·        Each apartment in the proposed development had a balcony or patio space which residents can use to create small gardens. While outdoor space was more limited than the applicants would prefer, they believed this was offset by nearby amenities such as the Knavesmire.

·        He felt that any development in a conservation area would affect its setting, but he did not believe that the proposed development was detrimental, and that its benefits significantly outweighed any potential harm.

·        The design of the proposed development had been altered several times during the course of discussions with planning officers, however Mr Jones considered the building to be in keeping with the historic pattern of development in the conservation area with regards to its proximity to the road.

·        Situating the development further back from the road and bringing the car park closer to the front was considered by the applicant, but due to drainage and engineering issues, having the building close to the road was considered the best solution.


Following debate, it was moved by Cllr Warters, and seconded by Cllr Fenton to refuse the application based on officers’ recommendations. Members agreed to include reference to the potential impact of the proposed development on the York Racecourse stables. A vote was taken and there were 13 members in favour and 1 against.


The motion carried and it was therefore:



i.         That the application is refused.



i.         The proposal by virtue of its height, scale and massing in a prominent street corner location would harm the visual amenity of the streetscene, the form and character of the adjoining section of Tadcaster Road and the setting of the Tadcaster Road Conservation Area and harm the setting of Dringhouses Library, 52 and 54 Tadcaster Road all Grade II Listed Buildings. This would be contrary to Policy D1, Policy D4 and Policy D5 of the Publication Draft City of York Local Plan 2018, contrary to Section 66 of the 1990 Planning (Listed Buildings and Conservation Areas) Act and paragraphs 199 and 202 of the National Planning Policy Framework.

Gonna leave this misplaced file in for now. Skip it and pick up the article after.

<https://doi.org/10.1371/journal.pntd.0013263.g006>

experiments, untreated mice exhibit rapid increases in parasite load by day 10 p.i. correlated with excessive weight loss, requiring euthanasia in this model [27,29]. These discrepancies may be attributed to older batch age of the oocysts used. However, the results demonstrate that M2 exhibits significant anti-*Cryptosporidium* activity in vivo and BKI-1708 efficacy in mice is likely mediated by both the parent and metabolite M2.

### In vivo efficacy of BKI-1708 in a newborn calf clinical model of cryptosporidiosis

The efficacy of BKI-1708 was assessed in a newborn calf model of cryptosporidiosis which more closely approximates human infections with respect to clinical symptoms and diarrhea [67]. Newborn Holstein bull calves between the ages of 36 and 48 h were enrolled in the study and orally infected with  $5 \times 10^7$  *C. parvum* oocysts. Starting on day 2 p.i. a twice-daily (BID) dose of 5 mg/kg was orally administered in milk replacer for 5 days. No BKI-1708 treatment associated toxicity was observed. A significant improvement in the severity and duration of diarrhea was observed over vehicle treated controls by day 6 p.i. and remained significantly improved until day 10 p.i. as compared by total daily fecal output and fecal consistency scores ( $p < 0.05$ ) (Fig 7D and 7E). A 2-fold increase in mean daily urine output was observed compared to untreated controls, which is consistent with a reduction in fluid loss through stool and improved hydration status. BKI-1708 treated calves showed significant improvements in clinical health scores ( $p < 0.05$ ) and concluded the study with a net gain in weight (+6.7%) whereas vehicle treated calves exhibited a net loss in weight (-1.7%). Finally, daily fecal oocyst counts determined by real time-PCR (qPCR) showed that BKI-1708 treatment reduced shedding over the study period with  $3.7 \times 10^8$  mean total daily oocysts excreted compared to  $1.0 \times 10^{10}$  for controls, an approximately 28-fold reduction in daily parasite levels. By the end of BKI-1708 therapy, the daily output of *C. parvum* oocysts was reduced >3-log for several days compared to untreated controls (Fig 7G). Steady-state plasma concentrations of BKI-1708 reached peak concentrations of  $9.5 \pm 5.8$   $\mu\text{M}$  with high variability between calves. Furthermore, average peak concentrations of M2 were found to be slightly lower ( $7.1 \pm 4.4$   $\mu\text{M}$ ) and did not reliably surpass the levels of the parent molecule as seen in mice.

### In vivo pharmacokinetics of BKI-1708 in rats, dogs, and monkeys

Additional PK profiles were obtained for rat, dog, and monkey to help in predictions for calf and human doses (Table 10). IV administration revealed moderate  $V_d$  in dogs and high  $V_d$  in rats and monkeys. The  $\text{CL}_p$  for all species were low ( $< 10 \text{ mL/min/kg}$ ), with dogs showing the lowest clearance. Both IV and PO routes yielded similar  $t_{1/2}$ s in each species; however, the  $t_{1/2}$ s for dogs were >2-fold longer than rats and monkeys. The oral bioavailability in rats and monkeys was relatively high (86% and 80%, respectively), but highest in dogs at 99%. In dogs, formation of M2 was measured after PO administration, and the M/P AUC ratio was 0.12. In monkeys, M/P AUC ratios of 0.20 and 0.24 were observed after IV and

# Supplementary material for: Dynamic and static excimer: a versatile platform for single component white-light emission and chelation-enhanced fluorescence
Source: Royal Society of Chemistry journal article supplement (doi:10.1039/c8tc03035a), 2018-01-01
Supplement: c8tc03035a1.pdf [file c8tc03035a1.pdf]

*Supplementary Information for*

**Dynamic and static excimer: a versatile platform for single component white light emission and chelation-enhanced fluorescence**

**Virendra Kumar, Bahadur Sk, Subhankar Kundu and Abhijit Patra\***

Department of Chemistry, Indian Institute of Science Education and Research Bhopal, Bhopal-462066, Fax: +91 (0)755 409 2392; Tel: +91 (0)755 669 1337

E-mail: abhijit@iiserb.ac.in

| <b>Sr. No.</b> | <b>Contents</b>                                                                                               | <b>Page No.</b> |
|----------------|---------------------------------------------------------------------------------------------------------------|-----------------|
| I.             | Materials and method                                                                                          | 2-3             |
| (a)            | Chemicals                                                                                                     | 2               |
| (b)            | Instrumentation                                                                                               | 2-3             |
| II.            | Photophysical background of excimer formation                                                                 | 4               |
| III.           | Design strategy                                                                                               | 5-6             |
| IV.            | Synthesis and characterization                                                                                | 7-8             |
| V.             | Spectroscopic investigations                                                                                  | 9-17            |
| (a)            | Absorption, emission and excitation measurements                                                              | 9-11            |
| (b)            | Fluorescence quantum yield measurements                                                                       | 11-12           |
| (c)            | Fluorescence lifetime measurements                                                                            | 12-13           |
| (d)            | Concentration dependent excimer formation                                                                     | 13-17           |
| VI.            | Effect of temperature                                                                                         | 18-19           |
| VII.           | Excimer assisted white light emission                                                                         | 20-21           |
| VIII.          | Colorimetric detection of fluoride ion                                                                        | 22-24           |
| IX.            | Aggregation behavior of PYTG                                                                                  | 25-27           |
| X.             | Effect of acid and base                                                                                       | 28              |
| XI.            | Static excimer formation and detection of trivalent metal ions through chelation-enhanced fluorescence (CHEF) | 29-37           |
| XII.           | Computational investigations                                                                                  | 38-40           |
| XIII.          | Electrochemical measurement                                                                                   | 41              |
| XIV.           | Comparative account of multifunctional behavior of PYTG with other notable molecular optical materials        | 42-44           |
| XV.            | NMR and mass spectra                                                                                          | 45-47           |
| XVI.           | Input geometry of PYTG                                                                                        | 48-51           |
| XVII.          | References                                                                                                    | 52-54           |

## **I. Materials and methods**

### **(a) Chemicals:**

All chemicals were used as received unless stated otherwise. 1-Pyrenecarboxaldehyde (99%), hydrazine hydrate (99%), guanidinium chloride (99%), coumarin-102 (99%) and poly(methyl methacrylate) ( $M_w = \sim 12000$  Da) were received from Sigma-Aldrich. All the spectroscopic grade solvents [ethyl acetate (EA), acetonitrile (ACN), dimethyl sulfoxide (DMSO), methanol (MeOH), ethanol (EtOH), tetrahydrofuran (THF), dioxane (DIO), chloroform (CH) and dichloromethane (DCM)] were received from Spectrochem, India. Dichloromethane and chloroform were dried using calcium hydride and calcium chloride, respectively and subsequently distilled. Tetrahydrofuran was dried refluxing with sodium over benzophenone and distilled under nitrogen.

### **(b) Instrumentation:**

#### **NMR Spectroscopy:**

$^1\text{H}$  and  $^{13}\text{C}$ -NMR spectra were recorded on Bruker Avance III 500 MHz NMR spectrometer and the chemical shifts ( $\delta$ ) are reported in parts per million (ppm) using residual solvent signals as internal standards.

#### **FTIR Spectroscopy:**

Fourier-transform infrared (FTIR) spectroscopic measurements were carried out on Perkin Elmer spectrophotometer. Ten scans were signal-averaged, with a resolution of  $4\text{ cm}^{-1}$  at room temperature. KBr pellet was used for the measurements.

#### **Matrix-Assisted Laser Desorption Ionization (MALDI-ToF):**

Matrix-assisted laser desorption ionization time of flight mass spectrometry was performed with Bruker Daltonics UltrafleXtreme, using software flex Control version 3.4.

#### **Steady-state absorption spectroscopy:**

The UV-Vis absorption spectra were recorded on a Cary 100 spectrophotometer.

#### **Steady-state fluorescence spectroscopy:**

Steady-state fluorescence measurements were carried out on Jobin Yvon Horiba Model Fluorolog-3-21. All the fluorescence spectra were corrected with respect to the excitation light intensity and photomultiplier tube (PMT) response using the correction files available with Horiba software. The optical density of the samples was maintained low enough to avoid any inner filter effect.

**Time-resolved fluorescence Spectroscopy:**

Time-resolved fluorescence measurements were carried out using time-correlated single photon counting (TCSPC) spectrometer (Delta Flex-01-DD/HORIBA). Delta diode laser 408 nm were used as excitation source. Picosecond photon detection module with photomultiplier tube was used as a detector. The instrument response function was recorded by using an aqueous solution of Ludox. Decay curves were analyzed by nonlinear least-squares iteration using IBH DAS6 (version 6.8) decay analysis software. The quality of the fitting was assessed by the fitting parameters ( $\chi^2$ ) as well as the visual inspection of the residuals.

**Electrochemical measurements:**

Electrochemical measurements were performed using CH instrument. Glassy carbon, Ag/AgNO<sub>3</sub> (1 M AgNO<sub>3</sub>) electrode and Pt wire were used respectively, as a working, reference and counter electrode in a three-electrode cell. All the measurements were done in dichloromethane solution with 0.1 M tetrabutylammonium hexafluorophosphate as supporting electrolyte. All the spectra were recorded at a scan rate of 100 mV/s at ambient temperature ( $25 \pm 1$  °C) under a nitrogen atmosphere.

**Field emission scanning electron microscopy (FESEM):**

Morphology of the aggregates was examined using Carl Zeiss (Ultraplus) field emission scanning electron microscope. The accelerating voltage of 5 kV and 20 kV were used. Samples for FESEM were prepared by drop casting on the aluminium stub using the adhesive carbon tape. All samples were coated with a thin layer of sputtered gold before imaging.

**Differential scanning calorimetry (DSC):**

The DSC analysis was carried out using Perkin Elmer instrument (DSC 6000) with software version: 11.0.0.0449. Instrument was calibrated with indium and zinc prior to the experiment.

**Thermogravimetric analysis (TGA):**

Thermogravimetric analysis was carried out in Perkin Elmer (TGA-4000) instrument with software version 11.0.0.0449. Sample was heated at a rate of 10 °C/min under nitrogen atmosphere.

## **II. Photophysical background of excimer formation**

ii.        The proposal may cause potential disruption to the safe working environment of the York Racecourse stables, with concerns around dangers to the horses during construction and beyond from increased noise and activity.


[Break between 17:35 and 17:45]





44b          Burnholme Community Hub, Mossdale Avenue, YO31 0HA [20/01916/OUTM]


Members considered the erection in Heworth Ward of 83no. dwellings (use class C3) with associated parking, landscaping, access and ancillary works. No matters were reserved except for the appearance, scale and internal layout of 5no. self-build plots in Terrace 5. The Development Manager gave a presentation on the application, noting that the application had previously been considered by the Committee in April 2021, being conditionally approved by members. However, before the decision was released, an objection was issued by Sport England, the concerns of which officers considered to have been addressed in the report.


In response to questions from members, it was noted that:

·        The application as being considered by members in this meeting should be considered as a new application, taking into account all material planning considerations when undertaking the planning balance.  .

·        The Council had not deemed it necessary to consult Sport England on the original application, as Burnholme College had been closed since 2014, and the fields were no longer used. Sports England considered the dis-used sports field to be connected to the used field which the application was proposing to repurpose on the eastern side of the site.

·        Cllr Rowley noted that as a Governor of St Aelred’s School, the playing fields in question were not used by the school or anyone else, and had been fenced off by the Council and were not maintained, meaning that they cannot have been used for sport.